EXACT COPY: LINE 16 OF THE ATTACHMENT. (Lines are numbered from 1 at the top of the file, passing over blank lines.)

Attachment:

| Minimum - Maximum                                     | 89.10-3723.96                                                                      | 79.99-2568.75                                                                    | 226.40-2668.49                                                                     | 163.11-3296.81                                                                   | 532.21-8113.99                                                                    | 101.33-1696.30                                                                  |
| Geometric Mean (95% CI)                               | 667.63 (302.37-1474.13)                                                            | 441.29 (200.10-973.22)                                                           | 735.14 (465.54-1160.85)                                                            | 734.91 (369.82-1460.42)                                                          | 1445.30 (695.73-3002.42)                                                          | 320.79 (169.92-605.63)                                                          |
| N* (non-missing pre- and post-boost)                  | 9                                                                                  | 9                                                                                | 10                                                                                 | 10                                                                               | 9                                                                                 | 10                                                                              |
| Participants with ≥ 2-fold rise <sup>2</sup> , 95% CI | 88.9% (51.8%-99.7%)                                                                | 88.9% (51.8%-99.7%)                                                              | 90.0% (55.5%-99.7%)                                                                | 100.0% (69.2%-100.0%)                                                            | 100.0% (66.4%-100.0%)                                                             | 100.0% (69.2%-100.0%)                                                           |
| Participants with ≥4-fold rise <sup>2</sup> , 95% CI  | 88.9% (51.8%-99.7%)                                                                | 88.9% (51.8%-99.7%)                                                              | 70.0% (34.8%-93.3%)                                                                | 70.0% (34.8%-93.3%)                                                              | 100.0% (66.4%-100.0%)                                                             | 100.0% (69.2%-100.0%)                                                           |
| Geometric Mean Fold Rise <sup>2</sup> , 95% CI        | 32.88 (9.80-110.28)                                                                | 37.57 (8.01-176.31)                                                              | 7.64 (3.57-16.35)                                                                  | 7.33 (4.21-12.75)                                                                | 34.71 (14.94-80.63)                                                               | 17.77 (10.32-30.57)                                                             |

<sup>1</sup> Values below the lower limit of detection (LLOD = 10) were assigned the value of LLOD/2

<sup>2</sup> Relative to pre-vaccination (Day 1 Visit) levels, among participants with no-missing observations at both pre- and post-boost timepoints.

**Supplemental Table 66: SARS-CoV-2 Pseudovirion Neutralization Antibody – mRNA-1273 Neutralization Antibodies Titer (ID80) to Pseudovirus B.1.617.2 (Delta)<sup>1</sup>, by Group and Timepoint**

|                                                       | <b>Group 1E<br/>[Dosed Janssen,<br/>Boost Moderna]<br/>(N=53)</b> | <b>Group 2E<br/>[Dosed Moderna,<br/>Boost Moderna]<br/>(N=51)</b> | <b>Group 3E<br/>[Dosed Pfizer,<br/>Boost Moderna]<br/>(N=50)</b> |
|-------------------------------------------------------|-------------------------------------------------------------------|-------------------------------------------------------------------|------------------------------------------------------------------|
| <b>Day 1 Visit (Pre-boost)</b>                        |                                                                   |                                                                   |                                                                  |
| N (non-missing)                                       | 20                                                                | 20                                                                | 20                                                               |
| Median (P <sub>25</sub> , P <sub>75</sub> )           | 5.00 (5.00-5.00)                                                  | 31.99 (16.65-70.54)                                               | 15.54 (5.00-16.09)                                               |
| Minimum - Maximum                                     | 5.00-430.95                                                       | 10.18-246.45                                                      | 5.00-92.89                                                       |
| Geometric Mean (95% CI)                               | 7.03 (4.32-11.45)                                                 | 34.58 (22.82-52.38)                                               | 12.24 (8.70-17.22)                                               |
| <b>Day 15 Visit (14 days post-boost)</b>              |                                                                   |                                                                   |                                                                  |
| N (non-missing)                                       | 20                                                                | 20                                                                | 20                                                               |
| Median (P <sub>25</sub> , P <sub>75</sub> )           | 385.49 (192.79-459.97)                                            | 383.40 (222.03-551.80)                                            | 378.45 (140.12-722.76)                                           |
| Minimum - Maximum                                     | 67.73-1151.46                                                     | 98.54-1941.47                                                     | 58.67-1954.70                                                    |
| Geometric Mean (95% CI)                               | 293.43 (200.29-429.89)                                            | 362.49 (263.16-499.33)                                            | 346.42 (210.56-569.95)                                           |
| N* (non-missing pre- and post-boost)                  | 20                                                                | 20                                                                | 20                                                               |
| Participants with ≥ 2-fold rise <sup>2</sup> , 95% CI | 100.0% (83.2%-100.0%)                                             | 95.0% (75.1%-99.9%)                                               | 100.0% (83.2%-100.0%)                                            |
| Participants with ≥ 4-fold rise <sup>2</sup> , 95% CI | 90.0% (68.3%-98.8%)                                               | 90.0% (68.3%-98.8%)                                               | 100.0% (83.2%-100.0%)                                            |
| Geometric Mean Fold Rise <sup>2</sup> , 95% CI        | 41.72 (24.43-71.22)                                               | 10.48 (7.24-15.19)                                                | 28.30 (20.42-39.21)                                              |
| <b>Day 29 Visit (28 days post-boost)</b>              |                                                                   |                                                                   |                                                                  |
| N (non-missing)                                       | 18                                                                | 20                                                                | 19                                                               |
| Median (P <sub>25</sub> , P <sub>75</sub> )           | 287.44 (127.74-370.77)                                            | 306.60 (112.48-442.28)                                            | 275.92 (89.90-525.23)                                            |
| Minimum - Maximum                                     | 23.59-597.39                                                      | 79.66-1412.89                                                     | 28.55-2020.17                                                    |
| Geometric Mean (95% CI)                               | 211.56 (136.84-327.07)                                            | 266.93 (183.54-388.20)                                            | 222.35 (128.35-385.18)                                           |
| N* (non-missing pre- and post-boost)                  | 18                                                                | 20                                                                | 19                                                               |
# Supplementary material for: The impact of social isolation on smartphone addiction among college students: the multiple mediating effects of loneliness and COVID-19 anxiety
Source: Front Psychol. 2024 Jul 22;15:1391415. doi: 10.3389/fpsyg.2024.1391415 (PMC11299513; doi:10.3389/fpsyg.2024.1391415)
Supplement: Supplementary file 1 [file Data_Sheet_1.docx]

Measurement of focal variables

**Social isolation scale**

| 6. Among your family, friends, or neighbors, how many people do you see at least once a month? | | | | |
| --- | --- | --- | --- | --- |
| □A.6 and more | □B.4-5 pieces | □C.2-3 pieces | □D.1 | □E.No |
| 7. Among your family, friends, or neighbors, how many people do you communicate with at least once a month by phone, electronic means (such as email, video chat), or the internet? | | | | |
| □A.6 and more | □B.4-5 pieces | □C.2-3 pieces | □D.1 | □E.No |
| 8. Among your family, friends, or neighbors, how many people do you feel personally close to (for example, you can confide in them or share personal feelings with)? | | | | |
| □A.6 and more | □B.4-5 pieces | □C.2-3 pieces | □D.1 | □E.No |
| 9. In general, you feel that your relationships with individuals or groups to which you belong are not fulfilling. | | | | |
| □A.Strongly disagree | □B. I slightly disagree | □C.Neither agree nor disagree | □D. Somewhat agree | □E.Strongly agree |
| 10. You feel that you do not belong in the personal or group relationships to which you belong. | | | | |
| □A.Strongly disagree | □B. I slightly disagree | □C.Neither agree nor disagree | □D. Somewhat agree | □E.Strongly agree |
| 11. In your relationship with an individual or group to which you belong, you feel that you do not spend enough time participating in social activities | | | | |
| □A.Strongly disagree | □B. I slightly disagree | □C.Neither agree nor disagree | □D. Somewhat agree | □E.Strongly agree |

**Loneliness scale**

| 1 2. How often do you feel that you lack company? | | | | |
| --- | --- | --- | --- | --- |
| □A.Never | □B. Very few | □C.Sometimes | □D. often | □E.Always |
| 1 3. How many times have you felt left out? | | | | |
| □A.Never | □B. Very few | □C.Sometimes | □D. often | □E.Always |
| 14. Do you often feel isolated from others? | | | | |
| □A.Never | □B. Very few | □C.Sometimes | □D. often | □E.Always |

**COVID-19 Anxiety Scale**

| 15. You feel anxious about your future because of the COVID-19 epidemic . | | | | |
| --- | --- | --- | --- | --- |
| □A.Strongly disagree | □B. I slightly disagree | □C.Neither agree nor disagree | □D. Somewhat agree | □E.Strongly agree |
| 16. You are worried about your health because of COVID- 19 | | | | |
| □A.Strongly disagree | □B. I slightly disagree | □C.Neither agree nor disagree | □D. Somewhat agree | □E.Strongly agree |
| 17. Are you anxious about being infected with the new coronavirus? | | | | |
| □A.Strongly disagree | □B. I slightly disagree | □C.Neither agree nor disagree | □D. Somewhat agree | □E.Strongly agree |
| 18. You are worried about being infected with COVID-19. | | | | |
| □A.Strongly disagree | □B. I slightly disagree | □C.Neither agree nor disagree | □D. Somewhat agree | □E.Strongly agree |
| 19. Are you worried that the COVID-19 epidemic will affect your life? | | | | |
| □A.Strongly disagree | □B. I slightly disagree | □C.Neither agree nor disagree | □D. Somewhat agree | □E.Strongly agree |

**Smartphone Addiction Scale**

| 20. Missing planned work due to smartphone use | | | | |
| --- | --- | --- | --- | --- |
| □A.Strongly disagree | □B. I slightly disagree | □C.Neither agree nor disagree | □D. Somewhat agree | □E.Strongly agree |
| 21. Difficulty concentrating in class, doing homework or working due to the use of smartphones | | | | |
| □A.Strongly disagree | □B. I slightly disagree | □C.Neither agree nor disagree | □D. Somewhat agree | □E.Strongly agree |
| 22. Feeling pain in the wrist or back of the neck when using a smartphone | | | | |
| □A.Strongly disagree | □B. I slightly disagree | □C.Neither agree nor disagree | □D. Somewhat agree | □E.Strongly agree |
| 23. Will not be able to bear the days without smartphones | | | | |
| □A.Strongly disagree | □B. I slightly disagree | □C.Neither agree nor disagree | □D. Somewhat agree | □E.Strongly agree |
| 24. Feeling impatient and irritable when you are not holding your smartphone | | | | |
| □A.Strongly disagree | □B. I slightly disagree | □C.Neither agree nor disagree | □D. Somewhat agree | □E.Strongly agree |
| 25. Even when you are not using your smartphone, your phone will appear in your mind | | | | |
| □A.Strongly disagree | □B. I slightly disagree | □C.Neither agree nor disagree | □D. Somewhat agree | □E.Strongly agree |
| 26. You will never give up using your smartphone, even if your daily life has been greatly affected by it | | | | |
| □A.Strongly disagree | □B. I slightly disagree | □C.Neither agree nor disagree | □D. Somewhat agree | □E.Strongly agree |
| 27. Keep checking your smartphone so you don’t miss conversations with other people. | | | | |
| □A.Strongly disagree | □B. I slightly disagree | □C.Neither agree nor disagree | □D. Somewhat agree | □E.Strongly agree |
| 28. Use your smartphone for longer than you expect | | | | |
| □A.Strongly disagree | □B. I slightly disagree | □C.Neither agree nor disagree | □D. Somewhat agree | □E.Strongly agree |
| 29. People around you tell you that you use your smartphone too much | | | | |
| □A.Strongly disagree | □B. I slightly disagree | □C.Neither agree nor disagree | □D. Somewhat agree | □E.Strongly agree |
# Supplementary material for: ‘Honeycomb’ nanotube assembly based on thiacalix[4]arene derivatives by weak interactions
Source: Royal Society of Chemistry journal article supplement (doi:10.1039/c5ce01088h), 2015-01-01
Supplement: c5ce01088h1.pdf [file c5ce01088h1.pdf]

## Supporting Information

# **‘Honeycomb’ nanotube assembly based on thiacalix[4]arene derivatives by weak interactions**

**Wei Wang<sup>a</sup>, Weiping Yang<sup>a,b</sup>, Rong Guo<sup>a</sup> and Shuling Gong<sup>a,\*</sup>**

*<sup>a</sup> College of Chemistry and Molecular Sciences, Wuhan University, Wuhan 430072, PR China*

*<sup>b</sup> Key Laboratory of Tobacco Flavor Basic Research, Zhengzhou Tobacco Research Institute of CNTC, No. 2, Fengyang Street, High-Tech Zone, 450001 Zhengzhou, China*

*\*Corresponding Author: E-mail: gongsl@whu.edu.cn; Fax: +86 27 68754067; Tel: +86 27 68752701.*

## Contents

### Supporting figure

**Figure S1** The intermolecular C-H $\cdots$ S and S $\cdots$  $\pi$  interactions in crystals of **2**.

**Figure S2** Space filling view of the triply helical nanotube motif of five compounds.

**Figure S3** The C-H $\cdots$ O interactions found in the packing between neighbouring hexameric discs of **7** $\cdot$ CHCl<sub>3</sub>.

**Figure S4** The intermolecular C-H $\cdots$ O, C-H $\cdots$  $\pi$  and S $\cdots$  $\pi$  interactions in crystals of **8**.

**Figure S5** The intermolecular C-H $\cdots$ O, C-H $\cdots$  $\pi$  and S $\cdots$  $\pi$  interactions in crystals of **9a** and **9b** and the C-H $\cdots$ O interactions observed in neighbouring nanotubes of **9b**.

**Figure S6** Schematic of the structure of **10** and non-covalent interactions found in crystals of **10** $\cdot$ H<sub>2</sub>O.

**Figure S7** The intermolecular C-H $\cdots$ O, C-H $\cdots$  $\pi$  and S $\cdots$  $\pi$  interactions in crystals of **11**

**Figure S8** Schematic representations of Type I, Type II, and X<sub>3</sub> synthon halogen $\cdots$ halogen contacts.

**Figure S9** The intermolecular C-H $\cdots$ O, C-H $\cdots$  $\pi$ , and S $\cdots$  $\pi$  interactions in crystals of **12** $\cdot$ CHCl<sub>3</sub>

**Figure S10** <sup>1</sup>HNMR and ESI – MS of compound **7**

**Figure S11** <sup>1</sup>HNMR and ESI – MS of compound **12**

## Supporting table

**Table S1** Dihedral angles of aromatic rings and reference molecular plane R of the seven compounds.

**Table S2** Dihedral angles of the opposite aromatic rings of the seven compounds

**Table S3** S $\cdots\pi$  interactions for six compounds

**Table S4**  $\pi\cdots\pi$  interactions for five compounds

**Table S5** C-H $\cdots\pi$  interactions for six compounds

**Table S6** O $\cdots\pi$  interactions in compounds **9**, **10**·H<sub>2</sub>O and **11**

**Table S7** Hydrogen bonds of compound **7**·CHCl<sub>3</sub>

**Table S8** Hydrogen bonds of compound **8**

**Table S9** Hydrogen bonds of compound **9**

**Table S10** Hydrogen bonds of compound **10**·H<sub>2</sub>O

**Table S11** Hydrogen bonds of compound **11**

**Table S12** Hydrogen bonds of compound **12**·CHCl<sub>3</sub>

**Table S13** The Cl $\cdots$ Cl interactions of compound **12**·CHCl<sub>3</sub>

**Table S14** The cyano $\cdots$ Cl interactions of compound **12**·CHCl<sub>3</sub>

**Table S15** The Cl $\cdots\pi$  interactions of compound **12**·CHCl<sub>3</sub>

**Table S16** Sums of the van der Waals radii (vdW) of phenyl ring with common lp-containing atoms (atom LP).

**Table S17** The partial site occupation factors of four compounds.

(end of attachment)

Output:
| Geometric Mean (95% CI)                               | 7.03 (4.32-11.45)                                                 | 34.58 (22.82-52.38)                                               | 12.24 (8.70-17.22)                                               |